R.T. appreciated how all the farriers in eastern Washington had each other's backs. If one farrier got injured, the rest would show up on Saturday at 11 o’clock at the Appleatchee Riders equine facility to serve that farrier’s clients.
“We'd have a barbecue going, and whoever was injured would be sitting in the shade. At the end of the afternoon, we’d hand him a check.”
A few years in, R.T. moved to Northern California to take over a practice from a friend and he’s been there ever since, building a reputation built on conscientiousness.
“If we're going to do something sort of outside of the norm,” he says, “it's our responsibility to follow up and make sure it's doing the job that we intended it to do.”
Now he’s passing on his wisdom to the next generation.
R.T. conveys this approach to his students at Santa Rosa Junior College. “I tell them this is not an exact science and horses can't tell us where it hurts. So you’ve just got to keep at it and figure it out.”
Which, actually, is pretty much how R.T. approached his career. He kept at it, searching for the work he’d love most, and he figured it out.
These days, the farrier who once worked seven days a week has cut back to five so he can spend time with his grandchildren. And he’s never really put down his drumsticks. In fact, his band Junk Parlor has recorded four albums, and he hopes you find a moment to enjoy them.
Q&A with R.T. Goodrich, CFJ
In addition to his practice, R.T. teaches at Santa Rosa Junior College and is helping to build even more advanced farriery coursework there. We asked him about the lessons he’s learned.
What advice do you give young farriers?
Set up a retirement plan for yourself today.
You teach a class on farriery to veterinary students. What’s the biggest takeaway from that?
It's an elective but everybody says, ‘Wow, we didn't know what we didn't know.’ I also explain how important it is to find a farrier that you can collaborate with.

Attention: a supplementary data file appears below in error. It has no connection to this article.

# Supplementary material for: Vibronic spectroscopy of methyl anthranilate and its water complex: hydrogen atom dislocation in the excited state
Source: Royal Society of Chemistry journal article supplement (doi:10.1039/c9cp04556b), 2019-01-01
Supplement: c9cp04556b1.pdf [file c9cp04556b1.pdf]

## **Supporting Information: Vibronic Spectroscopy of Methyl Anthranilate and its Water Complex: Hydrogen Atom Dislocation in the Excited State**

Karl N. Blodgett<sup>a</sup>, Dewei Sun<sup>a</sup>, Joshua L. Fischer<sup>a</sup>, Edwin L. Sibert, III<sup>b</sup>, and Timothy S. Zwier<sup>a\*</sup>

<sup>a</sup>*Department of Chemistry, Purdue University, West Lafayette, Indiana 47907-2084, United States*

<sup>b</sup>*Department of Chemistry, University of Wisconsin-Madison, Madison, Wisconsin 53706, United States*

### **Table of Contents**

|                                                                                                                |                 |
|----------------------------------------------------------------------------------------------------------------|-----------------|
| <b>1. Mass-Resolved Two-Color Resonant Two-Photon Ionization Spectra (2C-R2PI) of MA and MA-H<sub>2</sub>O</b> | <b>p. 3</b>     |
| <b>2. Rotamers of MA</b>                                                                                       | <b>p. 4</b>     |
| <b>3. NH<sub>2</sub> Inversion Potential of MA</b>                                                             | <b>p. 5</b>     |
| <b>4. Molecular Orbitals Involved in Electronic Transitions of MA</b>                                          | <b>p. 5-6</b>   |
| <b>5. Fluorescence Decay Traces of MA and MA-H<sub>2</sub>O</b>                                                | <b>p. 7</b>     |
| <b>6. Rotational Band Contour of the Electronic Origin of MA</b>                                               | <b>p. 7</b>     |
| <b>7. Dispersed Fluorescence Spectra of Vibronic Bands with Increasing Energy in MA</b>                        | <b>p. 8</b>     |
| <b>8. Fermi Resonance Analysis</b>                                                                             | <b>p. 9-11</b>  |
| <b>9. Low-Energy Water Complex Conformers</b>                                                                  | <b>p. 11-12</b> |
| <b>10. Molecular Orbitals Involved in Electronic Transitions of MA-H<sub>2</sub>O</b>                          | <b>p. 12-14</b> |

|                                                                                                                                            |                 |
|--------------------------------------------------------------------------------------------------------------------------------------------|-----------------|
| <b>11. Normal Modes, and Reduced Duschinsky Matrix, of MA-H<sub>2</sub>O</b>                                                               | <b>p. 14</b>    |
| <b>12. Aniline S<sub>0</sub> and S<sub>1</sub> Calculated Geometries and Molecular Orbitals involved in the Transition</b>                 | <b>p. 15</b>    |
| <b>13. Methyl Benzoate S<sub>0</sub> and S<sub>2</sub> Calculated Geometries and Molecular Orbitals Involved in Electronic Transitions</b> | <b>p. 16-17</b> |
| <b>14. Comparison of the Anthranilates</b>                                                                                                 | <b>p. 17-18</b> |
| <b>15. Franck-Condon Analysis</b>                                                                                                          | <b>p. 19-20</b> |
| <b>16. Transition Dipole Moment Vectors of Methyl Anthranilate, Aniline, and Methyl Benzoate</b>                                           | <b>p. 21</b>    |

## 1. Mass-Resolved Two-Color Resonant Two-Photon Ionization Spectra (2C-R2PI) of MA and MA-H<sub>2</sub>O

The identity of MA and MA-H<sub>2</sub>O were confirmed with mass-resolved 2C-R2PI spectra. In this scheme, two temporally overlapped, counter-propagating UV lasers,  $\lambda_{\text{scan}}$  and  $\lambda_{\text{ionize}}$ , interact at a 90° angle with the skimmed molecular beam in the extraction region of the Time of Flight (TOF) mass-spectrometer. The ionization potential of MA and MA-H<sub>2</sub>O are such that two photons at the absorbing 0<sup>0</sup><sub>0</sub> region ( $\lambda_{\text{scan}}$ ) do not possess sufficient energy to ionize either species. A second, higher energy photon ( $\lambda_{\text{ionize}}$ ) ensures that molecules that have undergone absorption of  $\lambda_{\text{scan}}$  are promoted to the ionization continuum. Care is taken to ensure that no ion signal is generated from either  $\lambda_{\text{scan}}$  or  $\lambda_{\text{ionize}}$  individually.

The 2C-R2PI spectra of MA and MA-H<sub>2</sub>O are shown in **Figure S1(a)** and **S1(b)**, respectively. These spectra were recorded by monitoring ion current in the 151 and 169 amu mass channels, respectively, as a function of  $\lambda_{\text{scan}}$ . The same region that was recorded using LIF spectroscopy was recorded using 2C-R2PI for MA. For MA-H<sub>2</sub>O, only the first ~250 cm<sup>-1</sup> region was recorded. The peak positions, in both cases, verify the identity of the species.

Your wife Jessica is also a horse person and a business person. Tell us about her.
She owns a store called Marin Tack and Feed in Forest Knolls California. She started working there when she was ten years old when her mother owned it.
You’ve known Mustad rep Tim Shannon for some time. What’s he like?
Great guy, super smart, amazing energy. You can be in a bad mood and tired of your job and spend a few minutes with Tim and you're jacked up to go to work again.
And he's not going to blow smoke. He's gonna figure it out for you.
What Mustad products do you like?
My first call this morning was to an owner who wanted their horse to go barefoot. But her heels were wearing down. I put Mustad Equi-Libriums and a 3D wedge pad on the horse, and she trotted off. She looked fantastic.
I use a ton of Mustad’s dental impression material to keep that coffin bone stable. If you're working on a laminitis case, you don't want that real stiff putty on there, but you want some support for the back half of that foot. And you have three different options.
With Mustad’s 3D pads, I can get sort of a half-rim pad and a little bit of frog support. My veterinarians can still see the bottom of the foot. And I don't have to compromise what I believe by putting on a rim pad that they don't like.
I've always loved the Capewell's Endura Slim Blade 5s, and I started using the Mustad Endura nails. A lot of horses are sensitive to tapping. If you go in there and swing a big hammer, the horse is going to give you a hard time. A lot of people get frustrated and just grip with their knees and keep swinging. With the Enduras, they go in smooth.